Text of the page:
Walking, One Hand at a Time

When I was nine months old, I had a fever and my family took me to a doctor. The doctor gave me a shot and the next morning my legs would not support me. I had polio. My family did not have money for follow-up treatment.

When I was five years old, my father left my mother for another woman. Then we did not have money even for food. We were Afghan refugees living in Pakistan. My younger brother tried to earn money by doing anything he could, like going to people’s houses, collecting their trash and selling it. One day my younger brother got sick, so my mother had no option but to take me in her arms and sit beside the street begging for money so she could take my brother to the doctor. I do not remember anything from that time because I was very young. But my mother told me people were not friendly; after all, they saw women like her, begging with a baby in arms, every day. Finally, after quite a long time, a kind-hearted man got out of his car and gave her a fair amount of money so she could take my brother to a doctor. Until now, every time my mother prays, she remembers that man and prays for him as well.

My father returned home, then, and stayed with us for one year. I was seven years old when he died of a heart attack. Two months later, my mother took me to a German doctor who was working briefly at a hospital, helping Afghan refugees for free. He operated on my knee, but he made a mistake and operated on the wrong one, and soon after that, returned home. My life became even harder. Whenever my family went to a party or wedding, they told me I could not go because people would laugh, point and mock me. I stayed alone at home and talked with the walls. Sometimes I cried. I did not go outside. Because I could not walk on my feet, I walked with my hands.

One day my family went to party and I was alone at home. I fell down. My foot and my hand were hurt. My hand started bleeding. I was crying and calling my mom, but nobody was there to hear. I felt so lonely. I wished that I was never born since I could not walk, run and enjoy life like other kids my age. I asked myself why I came to be in this world.

When I was nine years old, I lost my grandmother. When my family and I were at my grandmother’s house for her funeral, suddenly my aunt pointed at me and said, “Why didn’t she die instead? She cannot walk and is of no use. Why hasn’t she died instead?” It was like the whole world collapsed on me. Even though I was young, I could understand. It became a big burden on my heart. Many nights after that, I was thinking about why my aunt, my own aunt, had said those harsh words to me and about me.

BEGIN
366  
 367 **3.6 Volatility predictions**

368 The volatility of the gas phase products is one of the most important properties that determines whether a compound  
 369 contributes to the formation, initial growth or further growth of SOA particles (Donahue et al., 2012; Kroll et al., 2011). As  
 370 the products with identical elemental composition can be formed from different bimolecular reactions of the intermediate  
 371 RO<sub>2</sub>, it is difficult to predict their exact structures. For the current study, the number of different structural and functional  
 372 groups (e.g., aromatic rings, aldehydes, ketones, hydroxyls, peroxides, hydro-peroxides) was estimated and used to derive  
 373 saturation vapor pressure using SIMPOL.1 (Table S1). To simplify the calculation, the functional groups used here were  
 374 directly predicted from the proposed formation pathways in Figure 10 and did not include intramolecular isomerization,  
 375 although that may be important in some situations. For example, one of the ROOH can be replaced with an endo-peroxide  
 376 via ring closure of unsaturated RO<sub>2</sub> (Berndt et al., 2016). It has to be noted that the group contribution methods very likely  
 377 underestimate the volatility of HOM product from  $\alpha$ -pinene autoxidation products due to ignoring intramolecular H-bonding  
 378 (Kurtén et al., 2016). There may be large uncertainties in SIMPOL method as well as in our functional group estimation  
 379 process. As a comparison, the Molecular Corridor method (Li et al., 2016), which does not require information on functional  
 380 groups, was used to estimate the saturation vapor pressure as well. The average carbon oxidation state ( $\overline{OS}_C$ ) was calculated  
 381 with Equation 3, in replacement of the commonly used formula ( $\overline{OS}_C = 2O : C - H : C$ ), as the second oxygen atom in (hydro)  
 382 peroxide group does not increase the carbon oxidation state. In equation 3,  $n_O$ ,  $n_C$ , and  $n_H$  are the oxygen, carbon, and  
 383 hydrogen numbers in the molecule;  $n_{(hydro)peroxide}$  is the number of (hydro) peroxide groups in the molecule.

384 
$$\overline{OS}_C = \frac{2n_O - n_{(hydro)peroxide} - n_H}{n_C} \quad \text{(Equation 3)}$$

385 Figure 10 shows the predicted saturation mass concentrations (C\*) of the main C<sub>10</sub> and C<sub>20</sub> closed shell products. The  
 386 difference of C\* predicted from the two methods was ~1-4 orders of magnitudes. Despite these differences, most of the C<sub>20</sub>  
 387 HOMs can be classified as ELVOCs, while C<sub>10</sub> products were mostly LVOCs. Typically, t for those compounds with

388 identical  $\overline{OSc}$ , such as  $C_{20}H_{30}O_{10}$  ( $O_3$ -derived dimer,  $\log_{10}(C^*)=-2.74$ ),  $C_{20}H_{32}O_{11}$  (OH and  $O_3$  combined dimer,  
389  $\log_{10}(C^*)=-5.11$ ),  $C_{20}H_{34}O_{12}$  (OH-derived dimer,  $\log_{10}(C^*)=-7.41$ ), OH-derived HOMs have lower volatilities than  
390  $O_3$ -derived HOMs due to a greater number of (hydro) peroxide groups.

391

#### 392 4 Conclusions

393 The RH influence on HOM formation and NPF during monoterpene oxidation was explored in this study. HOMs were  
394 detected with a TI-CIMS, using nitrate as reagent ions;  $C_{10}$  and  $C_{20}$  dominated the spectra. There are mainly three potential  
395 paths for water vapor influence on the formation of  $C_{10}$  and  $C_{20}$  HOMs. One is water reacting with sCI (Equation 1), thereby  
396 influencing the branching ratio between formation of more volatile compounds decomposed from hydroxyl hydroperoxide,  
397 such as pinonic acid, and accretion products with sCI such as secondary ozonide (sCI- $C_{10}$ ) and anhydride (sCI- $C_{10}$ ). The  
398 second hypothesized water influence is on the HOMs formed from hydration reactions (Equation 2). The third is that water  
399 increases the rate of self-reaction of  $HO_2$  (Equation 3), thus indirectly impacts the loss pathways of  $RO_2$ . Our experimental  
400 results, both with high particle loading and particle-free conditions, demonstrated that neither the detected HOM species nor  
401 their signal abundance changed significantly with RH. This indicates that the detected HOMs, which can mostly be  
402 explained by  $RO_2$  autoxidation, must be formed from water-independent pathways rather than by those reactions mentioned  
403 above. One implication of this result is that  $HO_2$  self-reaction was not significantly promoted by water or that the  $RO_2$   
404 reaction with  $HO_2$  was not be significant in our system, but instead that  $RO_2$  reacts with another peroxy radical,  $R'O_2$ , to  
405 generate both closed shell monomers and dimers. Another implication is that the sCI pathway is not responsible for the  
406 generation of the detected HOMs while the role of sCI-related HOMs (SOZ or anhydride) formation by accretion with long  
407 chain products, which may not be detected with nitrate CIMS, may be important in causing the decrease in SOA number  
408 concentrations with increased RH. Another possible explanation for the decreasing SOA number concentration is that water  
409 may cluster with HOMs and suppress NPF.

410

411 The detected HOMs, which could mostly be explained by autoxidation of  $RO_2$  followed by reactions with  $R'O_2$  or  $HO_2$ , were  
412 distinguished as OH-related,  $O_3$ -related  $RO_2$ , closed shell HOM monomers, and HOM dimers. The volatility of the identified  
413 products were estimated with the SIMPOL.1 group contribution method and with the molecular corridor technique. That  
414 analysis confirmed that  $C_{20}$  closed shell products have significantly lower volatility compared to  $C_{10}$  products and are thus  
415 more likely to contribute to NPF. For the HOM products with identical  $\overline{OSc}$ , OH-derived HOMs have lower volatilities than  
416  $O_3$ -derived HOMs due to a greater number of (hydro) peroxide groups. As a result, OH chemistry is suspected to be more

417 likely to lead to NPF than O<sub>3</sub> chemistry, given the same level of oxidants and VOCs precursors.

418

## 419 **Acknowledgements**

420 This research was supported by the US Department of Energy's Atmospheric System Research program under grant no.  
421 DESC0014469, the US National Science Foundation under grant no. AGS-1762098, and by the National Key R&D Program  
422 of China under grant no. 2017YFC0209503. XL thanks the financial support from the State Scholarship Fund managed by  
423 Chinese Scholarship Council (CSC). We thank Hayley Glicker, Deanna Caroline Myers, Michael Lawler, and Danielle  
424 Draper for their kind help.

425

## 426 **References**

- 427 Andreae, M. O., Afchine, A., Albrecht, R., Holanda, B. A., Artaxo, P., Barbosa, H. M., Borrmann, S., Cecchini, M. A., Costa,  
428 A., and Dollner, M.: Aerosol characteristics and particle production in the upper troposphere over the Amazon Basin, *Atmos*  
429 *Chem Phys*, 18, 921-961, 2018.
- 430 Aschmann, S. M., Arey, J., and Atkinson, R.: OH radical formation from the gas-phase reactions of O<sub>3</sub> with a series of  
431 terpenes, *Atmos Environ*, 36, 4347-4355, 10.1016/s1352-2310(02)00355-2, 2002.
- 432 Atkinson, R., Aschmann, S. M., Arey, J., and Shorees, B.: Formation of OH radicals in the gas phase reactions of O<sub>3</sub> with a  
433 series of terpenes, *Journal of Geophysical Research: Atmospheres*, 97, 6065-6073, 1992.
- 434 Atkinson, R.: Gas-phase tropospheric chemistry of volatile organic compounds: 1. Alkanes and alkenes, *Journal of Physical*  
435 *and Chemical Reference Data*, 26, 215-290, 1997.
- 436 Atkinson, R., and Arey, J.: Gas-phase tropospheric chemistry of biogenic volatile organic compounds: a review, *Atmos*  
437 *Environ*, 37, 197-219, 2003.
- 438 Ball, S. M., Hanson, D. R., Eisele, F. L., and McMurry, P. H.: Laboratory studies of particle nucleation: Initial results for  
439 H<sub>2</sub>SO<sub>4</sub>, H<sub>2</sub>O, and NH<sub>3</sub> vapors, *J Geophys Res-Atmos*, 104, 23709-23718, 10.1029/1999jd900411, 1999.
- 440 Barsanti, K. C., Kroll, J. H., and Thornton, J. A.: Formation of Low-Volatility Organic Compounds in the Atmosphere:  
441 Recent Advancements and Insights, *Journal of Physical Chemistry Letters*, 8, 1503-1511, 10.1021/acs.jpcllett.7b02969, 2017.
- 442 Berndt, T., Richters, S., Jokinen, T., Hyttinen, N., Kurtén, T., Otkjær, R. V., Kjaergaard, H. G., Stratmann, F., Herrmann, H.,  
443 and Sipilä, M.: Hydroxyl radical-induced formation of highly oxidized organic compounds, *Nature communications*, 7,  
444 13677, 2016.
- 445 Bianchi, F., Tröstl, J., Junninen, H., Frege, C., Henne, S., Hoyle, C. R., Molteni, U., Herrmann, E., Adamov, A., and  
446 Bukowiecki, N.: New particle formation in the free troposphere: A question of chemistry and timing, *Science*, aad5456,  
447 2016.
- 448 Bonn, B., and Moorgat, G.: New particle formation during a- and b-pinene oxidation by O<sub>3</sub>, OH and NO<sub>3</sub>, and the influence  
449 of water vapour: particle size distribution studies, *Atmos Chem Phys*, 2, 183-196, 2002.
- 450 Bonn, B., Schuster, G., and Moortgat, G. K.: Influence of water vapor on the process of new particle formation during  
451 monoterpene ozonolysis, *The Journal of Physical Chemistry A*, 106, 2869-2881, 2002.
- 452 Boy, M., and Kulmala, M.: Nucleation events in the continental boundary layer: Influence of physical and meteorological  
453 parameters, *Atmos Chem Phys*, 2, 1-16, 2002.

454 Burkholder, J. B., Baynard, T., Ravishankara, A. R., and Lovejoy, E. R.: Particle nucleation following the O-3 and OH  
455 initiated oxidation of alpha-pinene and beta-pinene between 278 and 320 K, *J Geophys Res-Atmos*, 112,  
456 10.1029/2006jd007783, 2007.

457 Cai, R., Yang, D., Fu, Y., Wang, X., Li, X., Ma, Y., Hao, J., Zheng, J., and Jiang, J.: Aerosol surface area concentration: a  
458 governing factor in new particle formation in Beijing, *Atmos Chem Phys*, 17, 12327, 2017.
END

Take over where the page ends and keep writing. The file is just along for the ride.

In the tenth spring of my life, it was my aunt’s wedding. As usual my family told me, “You stay alone at home.” I cried and asked them to take me with them, but they said, “No, you have to stay at home.” They went to the wedding. I cried for hours after they left, until at last I went to sleep. When they came home and talked about the wedding, I was crying in my heart.

Every Eid, all my siblings got new clothes and other gifts, but my family did not buy for me because they told me, “Since you do not go out, you do not need new clothes and other things.” One day I didn’t tell my mom and I went outside. The children started laughing at me and teasing me and hurt me, and my head became bloody. I walked with my hands back home, and then my mom was very angry at me.

When I was twelve years old, we came back to Kabul from Pakistan. I still stayed home, but I started to read books and magazines. I was thirteen years old when I went to the Red Cross. They gave me crutches. Then I attended school for the first time, and began with the fourth grade. I went to the Red Cross again and they put my both legs, from toe up, in a cast. I was in the cast for six months. It was difficult, but I continued to go to school and became first in my class. I had another operation and then I could walk with crutches. And now some Americans have helped me and I have learned English and I may have three more surgeries in the coming three years so that I can walk better and better.

This is my life story. But this is not the end. Wait for the end!

By Sana

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9 responses to “Walking, One Hand at a Time

  1. simple yet powerful story. Always, wait for the end. Thanks so much for sharing.

  2. You have strong arms and a strong heart! Thank you for telling your story.

  3. Amazing story, Sana. We could all learn to walk better from you.

  4. Dear Sana,
    You are walking with your words. Thank you for sharing your beautiful story of strength and courage.

  5. This piece pushes us all to keep going. Thank you for your writing.

  6. Dear Sana,

    Your story is inspiring and powerful–keep facing forward, I know your life will keep changing and becoming beautiful. Keep writing!

  7. Just love your writing. Thank you from the bottom of our hearts for your words.

    They touch deeply

  8. Amazing what you have achieved by now. I got inspired to help you publish your stories eventually. You are a strong and wonderful woman. Keep writing and making your dreams come true. I will get in touch with Masha to help with the project.

  9. You are an inspiration! Your words are powerful and strong and will only get stronger the more you use them. I look forward to reading more of your work in the months and years ahead!

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